Waving at Solar Cells: Hand Gesture Recognition for IoT Objects Based on Patterned Monolithic Dye-Sensitized Solar Cells
Gethin Thomas a, Dr Matt Carnie a
a SPECIFIC – Swansea University Bay Campus, Fabian Way, Crymlyn Burrows, SA1 8EN Swansea
International Conference on Hybrid and Organic Photovoltaics
Proceedings of International Conference on Hybrid and Organic Photovoltaics (HOPV22)
València, Spain, 2022 May 19th - 25th
Organizers: Pablo Docampo, Eva Unger and Elizabeth Gibson
Oral, Gethin Thomas, presentation 037
DOI: https://doi.org/10.29363/nanoge.hopv.2022.037
Publication date: 20th April 2022

Internet of Things (IoT) devices have become prevalent, embedding intelligence into our environment. It is projected that over 75 billion IoT devices will be connected by 2025 worldwide, with the majority being operated indoors. Dye-sensitised solar cells (DSSC) have recently been optimised for ambient light, having the capabilities of providing sufficient energy for self-powered IoT devices [1].

Interaction with digital technologies, termed Human Computer Interaction (HCI), is often achieved via physical mechanisms (e.g. remote controls, cell phones) which can hinder the natural interface between users and IoT devices, a key consideration for HCI. What if the solar cell that is powering the IoT device can also recognise hand gestures which would allow the user to naturally interact with the system? Previous attempts to achieve this have necessarily employed an array of solar cell/photodiodes to detect directionality.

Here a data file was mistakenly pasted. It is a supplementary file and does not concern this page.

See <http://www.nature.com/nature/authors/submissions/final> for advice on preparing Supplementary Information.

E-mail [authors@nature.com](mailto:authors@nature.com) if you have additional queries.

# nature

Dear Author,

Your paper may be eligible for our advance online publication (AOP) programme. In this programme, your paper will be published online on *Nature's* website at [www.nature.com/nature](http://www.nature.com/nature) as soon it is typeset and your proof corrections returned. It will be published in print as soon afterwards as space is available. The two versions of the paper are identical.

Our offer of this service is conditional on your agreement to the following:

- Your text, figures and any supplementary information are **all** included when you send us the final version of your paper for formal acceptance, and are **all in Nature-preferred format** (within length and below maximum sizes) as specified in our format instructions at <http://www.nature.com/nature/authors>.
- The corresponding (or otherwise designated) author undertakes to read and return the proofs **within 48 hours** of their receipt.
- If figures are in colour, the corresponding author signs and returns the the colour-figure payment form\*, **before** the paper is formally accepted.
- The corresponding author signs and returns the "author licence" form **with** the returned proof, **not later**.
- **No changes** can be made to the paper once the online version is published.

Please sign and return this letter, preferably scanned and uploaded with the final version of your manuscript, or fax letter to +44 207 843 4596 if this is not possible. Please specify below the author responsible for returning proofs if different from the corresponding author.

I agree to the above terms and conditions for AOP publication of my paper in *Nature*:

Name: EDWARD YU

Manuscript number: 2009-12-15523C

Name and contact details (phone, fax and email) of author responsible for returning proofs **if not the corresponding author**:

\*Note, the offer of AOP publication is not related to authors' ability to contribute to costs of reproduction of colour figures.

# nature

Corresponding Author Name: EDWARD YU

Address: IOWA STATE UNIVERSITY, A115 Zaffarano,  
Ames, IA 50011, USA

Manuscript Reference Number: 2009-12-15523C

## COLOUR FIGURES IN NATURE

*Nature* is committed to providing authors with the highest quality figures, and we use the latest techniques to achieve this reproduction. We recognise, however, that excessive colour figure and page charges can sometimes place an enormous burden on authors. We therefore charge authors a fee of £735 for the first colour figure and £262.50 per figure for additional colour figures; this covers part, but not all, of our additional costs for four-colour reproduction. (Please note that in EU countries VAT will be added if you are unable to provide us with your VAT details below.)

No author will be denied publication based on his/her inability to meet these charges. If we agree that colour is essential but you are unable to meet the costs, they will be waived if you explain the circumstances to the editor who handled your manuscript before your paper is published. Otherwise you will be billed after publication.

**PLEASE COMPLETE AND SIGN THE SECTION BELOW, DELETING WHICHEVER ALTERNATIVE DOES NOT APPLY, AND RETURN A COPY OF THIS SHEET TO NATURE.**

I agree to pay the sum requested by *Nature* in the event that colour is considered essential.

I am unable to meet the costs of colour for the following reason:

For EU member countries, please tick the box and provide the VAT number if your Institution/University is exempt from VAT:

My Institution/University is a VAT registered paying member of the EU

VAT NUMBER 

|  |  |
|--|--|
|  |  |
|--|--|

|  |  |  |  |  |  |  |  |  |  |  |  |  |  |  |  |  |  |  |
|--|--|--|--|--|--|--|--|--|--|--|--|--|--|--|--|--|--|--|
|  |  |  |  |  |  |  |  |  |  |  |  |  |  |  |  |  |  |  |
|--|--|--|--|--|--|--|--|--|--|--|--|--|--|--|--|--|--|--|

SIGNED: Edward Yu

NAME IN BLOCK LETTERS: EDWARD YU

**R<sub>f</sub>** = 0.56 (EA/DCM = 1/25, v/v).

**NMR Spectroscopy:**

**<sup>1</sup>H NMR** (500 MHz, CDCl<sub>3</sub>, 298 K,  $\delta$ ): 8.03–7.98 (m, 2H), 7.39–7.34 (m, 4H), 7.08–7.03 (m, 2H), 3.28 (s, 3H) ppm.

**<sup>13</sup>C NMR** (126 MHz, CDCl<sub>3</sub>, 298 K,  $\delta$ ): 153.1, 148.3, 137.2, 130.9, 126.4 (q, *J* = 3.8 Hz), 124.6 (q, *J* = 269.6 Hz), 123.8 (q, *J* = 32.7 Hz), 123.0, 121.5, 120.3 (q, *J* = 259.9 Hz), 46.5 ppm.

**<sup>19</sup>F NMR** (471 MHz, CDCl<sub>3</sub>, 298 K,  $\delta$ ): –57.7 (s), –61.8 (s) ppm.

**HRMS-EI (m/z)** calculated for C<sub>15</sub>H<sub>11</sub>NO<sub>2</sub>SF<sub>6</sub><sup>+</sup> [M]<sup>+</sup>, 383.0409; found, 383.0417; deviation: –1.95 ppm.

In this work, we demonstrate that by monitoring the photocurrent output of an asymmetrically patterned monolithic (i.e., single cell) DSSC, and using machine learning, we can recognise simple hand gestures, achieving an accuracy prediction of 97.71%.

This work shows that, DSSCs are the perfect choice for self-powered interactive technologies, both in terms of powering IoT devices in ambient light conditions and having aesthetic qualities that are prioritised by users.  As well as powering interactive technologies, they can also provide a means of interactive control, so one day, perhaps we’ll all be waving at solar cells.


We use our own and third party cookies for analysing and measuring usage of our website to improve our services. If you continue browsing, we consider accepting its use. You can check our Cookies Policy in which you will also find how to configure your web browser for the use of cookies. More info